The most powerful lessons that children learn are not in our formal teaching plan. Despite our good intentions, children learn more from our attitudes than our Sunday school hour. This can be a powerful tool for the good – or it can erode the foundations of their faith.
Consider a child’s typical church experience. They begin in the nursery. Where almost exclusively female volunteers care for them. Then they are promoted to a Toddlers class. Again, it is mostly women who provide instruction and care. Soon they begin Sunday school proper. There is an occasional male serving, but they are often teamed with their wives to become the “crowd control.” Many churches have a children’s church. The normal organizers of this ministry are also women. This scenario has one theme repeated weekly – church really isn’t for guys.
God uses women for his glory. Certainly, this is true. He has blessed the church with these faithful servants who are training up the church of tomorrow. I see no problem with women serving, teaching, and leading in all these ways. They have been faithful when men have failed. ChildrensMinistry.com has also writen about this problem. "Historically, children's ministry has been predominantly staffed by women. According to George Barna, "Women are almost twice as likely as men" to teach Sunday school."
Pastors.com has an article titled, "Why men hate going to church," by David Murrow. He writes:
Then there's our reputation as a place for little old ladies of both sexes. Many guys feel church is a "women's thing." Most men are introduced to Christianity by women – nuns, nursery workers, Sunday school teachers, and mom. Boys meet a feminized Jesus – a tender, sweet man in a shining white dress. Most volunteer opportunities in church involve traditionally female roles: singing, sewing, cooking, caring for children, teaching, planning social gatherings, etc. There's nothing for a guy to do – unless he has a passion for attending meetings or passing out bulletins.But what does the absence of the men communicate to children? For the first ten years of their church experience men are missing. Is church really just for women? These messages can be amplified when we structure programs that are not sensitive to the unique behaviors and interests of growing boys. Too often teachers lament “all those rowdy boys” – but the Sunday school must accommodate the energy that boys bring to the learning environment. Others have written about the feminization of the church in general. I suspect that a lack of male involvement in the children’s department is certainly a contributing factor.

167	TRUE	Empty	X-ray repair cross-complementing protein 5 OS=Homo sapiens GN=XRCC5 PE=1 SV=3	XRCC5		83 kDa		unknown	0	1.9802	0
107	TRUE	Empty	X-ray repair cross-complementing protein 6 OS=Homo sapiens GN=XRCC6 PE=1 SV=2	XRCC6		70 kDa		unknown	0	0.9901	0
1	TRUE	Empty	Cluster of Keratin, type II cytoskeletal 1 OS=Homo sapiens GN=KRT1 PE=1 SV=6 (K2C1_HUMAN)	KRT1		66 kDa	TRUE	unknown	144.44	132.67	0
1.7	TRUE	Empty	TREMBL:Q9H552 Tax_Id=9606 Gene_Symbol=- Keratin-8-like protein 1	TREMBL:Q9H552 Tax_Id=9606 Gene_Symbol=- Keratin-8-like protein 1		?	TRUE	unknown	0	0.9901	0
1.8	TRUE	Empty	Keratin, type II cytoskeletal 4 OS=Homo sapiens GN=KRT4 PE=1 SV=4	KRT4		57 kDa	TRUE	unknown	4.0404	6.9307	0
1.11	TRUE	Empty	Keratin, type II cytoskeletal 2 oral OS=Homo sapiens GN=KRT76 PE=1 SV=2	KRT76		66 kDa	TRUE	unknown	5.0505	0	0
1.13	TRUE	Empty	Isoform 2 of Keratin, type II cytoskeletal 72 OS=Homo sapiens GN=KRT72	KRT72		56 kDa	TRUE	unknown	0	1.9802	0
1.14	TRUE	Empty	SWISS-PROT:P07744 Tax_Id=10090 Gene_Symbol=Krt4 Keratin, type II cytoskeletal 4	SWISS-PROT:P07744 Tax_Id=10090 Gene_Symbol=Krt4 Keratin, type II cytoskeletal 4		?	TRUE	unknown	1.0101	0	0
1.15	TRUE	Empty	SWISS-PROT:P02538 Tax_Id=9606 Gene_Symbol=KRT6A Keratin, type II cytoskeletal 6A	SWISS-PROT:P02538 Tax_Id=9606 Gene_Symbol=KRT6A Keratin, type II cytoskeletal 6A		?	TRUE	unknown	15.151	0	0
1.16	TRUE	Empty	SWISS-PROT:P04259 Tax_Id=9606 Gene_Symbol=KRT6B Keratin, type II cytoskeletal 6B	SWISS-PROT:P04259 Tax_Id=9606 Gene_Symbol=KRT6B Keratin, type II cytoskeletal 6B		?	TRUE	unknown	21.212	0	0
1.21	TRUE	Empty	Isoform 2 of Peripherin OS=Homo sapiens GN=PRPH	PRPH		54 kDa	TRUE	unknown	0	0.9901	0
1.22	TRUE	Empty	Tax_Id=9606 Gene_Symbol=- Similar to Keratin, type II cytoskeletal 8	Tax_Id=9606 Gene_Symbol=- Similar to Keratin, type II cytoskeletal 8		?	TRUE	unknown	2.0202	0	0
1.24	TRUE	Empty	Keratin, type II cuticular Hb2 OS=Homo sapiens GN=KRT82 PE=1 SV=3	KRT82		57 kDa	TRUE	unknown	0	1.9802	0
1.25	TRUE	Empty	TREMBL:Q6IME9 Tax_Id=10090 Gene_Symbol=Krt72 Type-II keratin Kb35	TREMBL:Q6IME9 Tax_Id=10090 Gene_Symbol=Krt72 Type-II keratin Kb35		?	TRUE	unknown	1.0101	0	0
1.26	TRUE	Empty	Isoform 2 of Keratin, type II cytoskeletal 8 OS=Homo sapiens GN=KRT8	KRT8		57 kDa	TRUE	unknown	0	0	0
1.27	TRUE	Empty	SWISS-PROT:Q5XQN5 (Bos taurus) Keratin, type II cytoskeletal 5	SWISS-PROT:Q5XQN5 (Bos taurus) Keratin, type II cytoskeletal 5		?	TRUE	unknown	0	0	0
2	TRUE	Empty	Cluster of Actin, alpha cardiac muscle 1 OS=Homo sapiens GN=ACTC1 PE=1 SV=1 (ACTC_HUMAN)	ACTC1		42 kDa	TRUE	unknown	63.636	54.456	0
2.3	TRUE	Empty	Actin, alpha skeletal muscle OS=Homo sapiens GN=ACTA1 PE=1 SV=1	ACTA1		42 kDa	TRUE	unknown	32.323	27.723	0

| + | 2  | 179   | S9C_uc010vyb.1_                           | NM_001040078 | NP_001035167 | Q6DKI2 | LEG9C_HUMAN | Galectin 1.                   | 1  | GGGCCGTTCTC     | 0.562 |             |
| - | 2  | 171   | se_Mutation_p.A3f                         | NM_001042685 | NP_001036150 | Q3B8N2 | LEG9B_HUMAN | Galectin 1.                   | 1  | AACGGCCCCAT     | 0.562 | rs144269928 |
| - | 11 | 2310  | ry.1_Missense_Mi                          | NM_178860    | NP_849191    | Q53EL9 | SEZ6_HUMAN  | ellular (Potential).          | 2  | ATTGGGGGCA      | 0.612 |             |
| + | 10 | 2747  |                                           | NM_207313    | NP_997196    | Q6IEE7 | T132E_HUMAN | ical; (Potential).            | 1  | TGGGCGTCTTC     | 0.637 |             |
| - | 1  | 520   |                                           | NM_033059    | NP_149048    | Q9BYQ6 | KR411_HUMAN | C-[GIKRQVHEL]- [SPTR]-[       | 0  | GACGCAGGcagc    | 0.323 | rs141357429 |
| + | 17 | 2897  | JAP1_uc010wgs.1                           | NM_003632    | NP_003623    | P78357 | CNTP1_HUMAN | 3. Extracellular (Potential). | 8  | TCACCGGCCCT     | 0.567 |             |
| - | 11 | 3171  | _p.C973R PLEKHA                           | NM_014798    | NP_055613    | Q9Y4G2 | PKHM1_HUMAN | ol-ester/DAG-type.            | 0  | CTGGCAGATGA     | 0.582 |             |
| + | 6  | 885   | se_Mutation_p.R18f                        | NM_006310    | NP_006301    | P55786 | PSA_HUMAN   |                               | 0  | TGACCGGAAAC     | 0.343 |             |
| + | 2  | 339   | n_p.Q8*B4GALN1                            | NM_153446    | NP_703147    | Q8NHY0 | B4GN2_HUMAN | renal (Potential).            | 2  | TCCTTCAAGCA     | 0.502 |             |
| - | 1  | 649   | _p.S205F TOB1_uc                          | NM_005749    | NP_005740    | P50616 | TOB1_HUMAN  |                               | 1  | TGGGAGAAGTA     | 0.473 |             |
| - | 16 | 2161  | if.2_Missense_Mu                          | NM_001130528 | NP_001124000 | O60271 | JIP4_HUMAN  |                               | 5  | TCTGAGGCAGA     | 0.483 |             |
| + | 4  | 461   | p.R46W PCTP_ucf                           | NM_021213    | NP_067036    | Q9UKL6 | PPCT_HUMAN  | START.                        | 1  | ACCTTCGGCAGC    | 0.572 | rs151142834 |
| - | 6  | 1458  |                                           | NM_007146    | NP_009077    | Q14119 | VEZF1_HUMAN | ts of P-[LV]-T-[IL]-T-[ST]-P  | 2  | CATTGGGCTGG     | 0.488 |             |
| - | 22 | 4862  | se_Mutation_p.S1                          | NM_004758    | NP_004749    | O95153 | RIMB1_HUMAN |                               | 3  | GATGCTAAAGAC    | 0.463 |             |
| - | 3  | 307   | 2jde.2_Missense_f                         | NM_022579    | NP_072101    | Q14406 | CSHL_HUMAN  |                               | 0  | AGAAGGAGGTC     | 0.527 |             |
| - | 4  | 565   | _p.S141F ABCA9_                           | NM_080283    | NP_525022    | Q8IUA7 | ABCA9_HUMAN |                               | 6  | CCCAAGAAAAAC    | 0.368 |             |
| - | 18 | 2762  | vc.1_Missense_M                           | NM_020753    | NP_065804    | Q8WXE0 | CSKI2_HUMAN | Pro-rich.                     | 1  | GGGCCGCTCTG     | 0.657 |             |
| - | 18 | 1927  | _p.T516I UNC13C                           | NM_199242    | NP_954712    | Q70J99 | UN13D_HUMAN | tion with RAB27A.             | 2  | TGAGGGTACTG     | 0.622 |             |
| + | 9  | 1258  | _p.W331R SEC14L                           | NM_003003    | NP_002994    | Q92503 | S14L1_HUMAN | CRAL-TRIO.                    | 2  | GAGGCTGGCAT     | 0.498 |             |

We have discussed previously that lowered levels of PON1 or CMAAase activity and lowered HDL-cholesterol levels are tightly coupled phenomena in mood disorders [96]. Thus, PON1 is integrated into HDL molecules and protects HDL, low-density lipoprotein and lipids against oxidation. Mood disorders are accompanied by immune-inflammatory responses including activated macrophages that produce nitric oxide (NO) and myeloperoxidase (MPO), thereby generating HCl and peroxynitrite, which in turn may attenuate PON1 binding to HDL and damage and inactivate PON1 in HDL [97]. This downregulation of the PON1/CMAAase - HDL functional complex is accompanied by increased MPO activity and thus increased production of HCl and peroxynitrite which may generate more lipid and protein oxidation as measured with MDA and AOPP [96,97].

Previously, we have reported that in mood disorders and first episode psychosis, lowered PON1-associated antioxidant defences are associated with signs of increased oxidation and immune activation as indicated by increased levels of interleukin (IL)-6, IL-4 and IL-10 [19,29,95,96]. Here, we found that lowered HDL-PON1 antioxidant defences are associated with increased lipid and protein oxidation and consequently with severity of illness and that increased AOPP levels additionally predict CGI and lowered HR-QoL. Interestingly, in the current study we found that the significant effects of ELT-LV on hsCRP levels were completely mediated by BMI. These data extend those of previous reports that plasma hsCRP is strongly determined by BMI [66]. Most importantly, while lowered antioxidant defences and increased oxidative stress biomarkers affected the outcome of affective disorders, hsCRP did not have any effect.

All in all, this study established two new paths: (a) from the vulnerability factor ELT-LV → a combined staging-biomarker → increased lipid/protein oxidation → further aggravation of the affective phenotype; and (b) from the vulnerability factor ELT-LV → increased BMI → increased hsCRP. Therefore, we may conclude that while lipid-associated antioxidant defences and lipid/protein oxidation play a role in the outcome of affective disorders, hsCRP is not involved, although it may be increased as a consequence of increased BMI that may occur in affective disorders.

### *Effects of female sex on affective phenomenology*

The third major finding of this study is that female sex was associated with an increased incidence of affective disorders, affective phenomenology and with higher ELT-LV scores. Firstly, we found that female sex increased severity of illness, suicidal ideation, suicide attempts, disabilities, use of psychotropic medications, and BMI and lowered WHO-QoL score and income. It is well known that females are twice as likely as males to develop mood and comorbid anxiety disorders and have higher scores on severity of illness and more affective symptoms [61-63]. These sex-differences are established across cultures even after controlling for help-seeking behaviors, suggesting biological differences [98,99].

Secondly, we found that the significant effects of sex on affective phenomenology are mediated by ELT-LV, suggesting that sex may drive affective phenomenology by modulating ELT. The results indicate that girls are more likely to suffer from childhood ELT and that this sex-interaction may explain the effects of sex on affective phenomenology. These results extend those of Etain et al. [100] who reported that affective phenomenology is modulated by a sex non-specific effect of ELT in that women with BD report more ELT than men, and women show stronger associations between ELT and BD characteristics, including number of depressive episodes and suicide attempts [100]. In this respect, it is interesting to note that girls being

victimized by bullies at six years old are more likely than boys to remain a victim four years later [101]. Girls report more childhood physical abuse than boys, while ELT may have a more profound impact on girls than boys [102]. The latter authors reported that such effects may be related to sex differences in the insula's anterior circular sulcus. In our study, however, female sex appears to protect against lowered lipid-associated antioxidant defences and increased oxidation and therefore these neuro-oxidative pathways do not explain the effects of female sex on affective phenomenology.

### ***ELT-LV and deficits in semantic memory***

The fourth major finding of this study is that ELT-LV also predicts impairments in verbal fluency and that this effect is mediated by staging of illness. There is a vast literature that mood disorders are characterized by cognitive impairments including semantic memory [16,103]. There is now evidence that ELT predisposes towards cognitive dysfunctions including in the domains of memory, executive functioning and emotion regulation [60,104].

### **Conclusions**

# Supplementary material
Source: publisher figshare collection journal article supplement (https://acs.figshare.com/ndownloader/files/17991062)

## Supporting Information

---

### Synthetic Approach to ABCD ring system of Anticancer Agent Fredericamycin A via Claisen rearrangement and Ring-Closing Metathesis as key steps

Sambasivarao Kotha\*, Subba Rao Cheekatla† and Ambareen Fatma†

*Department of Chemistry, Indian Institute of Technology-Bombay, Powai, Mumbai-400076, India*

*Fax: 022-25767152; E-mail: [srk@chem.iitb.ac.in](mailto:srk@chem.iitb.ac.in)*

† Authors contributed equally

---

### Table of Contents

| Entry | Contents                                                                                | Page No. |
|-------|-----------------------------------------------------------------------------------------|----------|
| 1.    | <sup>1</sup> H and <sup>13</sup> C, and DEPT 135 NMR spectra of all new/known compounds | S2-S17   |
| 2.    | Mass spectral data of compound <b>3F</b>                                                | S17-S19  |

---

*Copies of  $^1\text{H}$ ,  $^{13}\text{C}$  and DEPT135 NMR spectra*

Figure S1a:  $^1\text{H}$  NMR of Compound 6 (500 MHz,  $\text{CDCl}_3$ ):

Men often feel uncomfortable working with children. But this should not be so. Dads and grandpas have a natural connection to children. Their deep voices command respect. Kids are often drawn to men. What about the scripture passages that instruct men to take the lead in the faith training of their children?
Fathers, do not provoke your children to anger, but bring them up in the discipline and instruction of the Lord. (Ephesians 6:4 ESV)We must challenge the godly men of our churches to get involved in children’s ministry. We should openly call on elders and deacons to accept their role in the faith training of the next generation. As long as the men stay away we are only reinforcing the unwritten curriculum.
Hear, O sons, a father's instruction, and be attentive, that you may gain insight, for I give you good precepts; do not forsake my teaching. When I was a son with my father, tender, the only one in the sight of my mother, he taught me and said to me, "Let your heart hold fast my words; keep my commandments, and live. (Proverbs 4:1-4 ESV)
For you know how, like a father with his children, we exhorted each one of you and encouraged you and charged you to walk in a manner worthy of God, who calls you into his own kingdom and glory. (1 Thessalonians 2:11-12 ESV)